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In a message dated 1/29/02 5:50:10 PM, [log in to unmask] writes:

>Right, here we go.
>
>Consonants.
>Orthographically (each of these is a phoneme):
>Unvoiced stops: bilabial 'p', dental 't', palatal 'c', velar 'k'
>Voiced stops: just bilabial 'b' and dental 'd'
>Unvoiced fricatives: bilabial 'f', alveolar 's', palatal 'h', velar 'ch'
>Nasals: bilabial 'm', dental 'n'
>Alveolar flap 'r'
>Alveolar lateral 'l'
>Velar approximant 'w'
>
>Excuse my lack of X-SAMPA experience, but AFAICT, in the same order as
>above:
>[p t c k]  [b d]  [f\ s C x]  [m n]  [4]  [l]  [M\]
>
>The unvoiced stops are unaspirated; dentals are post-dental; palatals are
>pure palatal with no alveolar co-articulation.
>Fricatives may be voiced intervocalically, especially /f/ and /s/.
>Yes, /f/ is bilabial, not labiodental.  Also, /s/ is much less grooved
>than
>most, and can even be realised as an very weakly sibilant, ungrooved, lax
>apico-alveolar fricative (is there a symbol for this in IPA, never mind
>in
>X-SAMPA??).

Hmm. Well non-sibilant alveolar fricatives (which I love) are mentioned in
_Sounds of the World's Languages_ by Ladefoged and Maddieson, and transcribed
/T_-/ and /D_-/, that is theta and ummmm.... that other one, whatever it's
called (eth?) with a short vertical line underneath. It says in Icelandic,
the voiceless one is laminal and the voiced one is usually apical. I don't
know if it's legal to put 2 diacritics under one letter, but if so you could
do that and specify that its apical with the apical sign /_a/. Or you could
just mention that in a note somewhere, along with the sound's slightly
sibilant character.

>The velar approximant (my favourite!) is accompanied by lip tensing and
>partial closure in the spread position, not lip-rounding as such (same
>lip
>position as in Swedish long 'y').  It has an alternative realisation, as
>a
>labialised velar lateral.  <gulp>
>
>Vowels.
>There are six vowel phonemes, each of which has a long and a short
>allophone.
>/e:/ = [e]
>/e/ = [E]
>/a:/ = [a]
>/a/ = [A], roughly; maybe a little raised and centralised from [A]
>/i:/ = [i]
>/i/ = somewhere between [I] and [1]  (small capital i and i-bar)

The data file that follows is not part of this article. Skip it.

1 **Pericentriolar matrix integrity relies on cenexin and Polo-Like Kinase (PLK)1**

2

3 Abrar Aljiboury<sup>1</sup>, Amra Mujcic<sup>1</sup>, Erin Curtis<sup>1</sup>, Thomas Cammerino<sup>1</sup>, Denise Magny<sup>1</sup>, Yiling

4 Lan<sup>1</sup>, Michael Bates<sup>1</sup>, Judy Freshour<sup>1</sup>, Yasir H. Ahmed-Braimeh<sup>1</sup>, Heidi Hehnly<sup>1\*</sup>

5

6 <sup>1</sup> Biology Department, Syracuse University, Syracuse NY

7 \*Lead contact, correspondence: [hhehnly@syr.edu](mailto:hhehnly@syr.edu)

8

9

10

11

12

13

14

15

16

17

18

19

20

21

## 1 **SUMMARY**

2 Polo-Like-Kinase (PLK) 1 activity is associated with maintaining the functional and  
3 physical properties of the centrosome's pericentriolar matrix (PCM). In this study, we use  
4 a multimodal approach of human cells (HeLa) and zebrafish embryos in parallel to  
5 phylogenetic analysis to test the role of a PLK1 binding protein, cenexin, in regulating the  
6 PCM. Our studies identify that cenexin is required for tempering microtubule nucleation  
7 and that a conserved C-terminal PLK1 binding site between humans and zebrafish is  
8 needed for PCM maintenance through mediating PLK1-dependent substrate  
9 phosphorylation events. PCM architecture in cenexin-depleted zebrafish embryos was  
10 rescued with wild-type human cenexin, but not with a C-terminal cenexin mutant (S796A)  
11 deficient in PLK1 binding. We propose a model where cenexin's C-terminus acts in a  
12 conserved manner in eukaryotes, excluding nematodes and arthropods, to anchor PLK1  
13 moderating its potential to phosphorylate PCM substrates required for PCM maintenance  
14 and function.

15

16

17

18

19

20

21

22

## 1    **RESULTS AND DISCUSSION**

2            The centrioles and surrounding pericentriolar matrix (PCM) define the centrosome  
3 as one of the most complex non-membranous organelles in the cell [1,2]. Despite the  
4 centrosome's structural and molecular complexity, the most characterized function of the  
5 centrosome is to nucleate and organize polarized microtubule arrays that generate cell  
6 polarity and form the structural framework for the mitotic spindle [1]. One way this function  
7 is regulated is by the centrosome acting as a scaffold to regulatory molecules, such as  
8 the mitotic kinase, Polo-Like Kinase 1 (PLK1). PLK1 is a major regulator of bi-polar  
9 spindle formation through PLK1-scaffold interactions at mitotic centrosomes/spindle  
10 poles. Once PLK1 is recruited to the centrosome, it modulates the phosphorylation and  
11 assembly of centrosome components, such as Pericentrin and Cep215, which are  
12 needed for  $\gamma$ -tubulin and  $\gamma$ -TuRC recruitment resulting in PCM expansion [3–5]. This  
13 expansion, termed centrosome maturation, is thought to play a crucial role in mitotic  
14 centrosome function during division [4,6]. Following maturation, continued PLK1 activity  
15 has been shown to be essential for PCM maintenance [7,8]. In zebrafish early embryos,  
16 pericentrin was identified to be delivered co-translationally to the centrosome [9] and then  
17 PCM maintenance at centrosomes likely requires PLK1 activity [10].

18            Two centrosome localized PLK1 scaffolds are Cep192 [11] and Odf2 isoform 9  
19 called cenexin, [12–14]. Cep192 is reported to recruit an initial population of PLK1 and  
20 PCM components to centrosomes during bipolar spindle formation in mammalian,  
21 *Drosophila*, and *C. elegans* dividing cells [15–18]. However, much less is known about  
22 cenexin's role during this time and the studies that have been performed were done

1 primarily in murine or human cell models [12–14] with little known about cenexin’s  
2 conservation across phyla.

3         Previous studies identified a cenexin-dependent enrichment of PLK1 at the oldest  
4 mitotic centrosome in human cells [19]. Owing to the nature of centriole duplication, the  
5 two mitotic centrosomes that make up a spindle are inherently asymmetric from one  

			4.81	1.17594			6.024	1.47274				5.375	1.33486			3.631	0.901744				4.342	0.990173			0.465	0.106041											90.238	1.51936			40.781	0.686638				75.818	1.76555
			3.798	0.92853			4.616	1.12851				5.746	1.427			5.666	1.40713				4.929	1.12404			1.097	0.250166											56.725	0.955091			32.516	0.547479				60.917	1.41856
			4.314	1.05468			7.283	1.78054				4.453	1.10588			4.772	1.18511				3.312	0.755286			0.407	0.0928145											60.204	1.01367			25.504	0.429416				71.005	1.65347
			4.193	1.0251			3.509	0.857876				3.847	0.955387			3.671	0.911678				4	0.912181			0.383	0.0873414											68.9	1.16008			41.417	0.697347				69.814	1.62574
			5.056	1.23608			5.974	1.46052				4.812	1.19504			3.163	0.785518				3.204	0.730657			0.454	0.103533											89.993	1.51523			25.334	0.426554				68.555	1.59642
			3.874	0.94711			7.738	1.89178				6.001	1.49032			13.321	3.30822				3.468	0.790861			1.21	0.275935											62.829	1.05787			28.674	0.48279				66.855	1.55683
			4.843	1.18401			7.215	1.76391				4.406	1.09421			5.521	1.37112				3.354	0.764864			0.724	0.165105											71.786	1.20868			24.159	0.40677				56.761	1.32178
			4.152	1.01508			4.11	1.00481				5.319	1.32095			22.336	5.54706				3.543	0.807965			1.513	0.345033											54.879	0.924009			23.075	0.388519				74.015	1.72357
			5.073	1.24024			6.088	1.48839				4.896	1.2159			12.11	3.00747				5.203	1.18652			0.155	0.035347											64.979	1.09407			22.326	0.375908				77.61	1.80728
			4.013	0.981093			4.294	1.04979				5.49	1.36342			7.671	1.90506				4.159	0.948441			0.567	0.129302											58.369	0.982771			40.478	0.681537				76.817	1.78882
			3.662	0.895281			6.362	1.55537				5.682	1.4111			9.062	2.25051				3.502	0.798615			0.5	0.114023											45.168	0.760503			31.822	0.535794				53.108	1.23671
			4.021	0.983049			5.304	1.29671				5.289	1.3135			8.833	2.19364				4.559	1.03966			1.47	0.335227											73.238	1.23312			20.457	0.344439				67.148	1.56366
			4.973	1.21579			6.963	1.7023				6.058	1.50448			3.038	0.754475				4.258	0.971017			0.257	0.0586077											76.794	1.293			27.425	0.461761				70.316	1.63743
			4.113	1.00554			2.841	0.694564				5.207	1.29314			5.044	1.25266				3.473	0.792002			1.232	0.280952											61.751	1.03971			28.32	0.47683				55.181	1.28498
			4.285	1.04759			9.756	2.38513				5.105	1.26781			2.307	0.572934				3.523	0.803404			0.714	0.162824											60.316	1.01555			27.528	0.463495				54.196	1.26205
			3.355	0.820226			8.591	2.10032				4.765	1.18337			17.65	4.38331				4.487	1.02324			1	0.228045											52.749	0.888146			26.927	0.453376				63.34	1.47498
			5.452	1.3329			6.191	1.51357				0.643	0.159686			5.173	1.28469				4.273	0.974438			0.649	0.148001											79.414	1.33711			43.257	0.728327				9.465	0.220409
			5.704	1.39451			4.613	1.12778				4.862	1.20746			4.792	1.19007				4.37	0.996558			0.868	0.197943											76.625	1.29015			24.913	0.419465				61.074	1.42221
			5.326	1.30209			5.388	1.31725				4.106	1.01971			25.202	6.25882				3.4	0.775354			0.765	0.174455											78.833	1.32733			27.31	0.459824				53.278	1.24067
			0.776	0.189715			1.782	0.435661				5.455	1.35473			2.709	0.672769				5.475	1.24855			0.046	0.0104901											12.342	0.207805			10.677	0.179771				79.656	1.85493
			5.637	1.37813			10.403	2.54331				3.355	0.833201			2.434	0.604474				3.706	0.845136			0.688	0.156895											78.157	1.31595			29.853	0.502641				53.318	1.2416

>/o:/ = [o]
>/o/ = [O] - again, centralised in rapid speech
>/y:/ = [y]
>/y/ = [@\], close-mid central unrounded  (I'm thinking of letting /y/ be
>omitted in certain contexts)
>/u:/ = [u]
>/u/ = somewhere between [U] and [}]  (small capital u and u-bar)
>
>In the citation form, the first syllable of a word carries a long vowel,
>and
>all subsequent vowels are short.
>Syllables are strictly (C)V in the citation form, although affixes and
>clitics can cause words to end with a consonant.  There are three further
>phonotactic constraints:
>(1)  No two consecutive non-initial syllables may carry the same consonant
>-
>this includes the zero consonant, which means that sequences of three
>adjacent vowels are forbidden.
>(2)  Apart from monosyllables, no word may end with a high vowel (y or
>u).
>(3)  Vowel harmony.  The 'front' vowels are /e i y/ and the 'back' vowels
>are /a o u/; all but the first vowel in a word must come from the same
>group
>(the first vowel may or may not harmonise).
>
>A few nonsense words for illustration:
>'citano'  /ci:tano/  [ci:tAnO]
>'hechi'  /Ce:xi/  [Ce:xI]
>'tomelyfi'  /to:melyfi/  [to:mEl@\f\I]  (or perhaps, if I decide to:
>[to:mElf\I] )
>and ... 'Telona'  /te:lona/  [te:lOnA]
>
>How's that for a start?  Phonology later in the week if you wish!

Looks great so far! I'm certainly having fun trying to pronounce all those
vowels in between other vowels. We never went over central vowels or anything
in phonetics class, and that's a shame. And a labialized velar approximant
... I never even thought of that. I'm guessing the stress is usually on the
first syllable, or can it be other places?

>Jonathan.

Josh Roth
http://members.aol.com/fuscian/eloshtan.html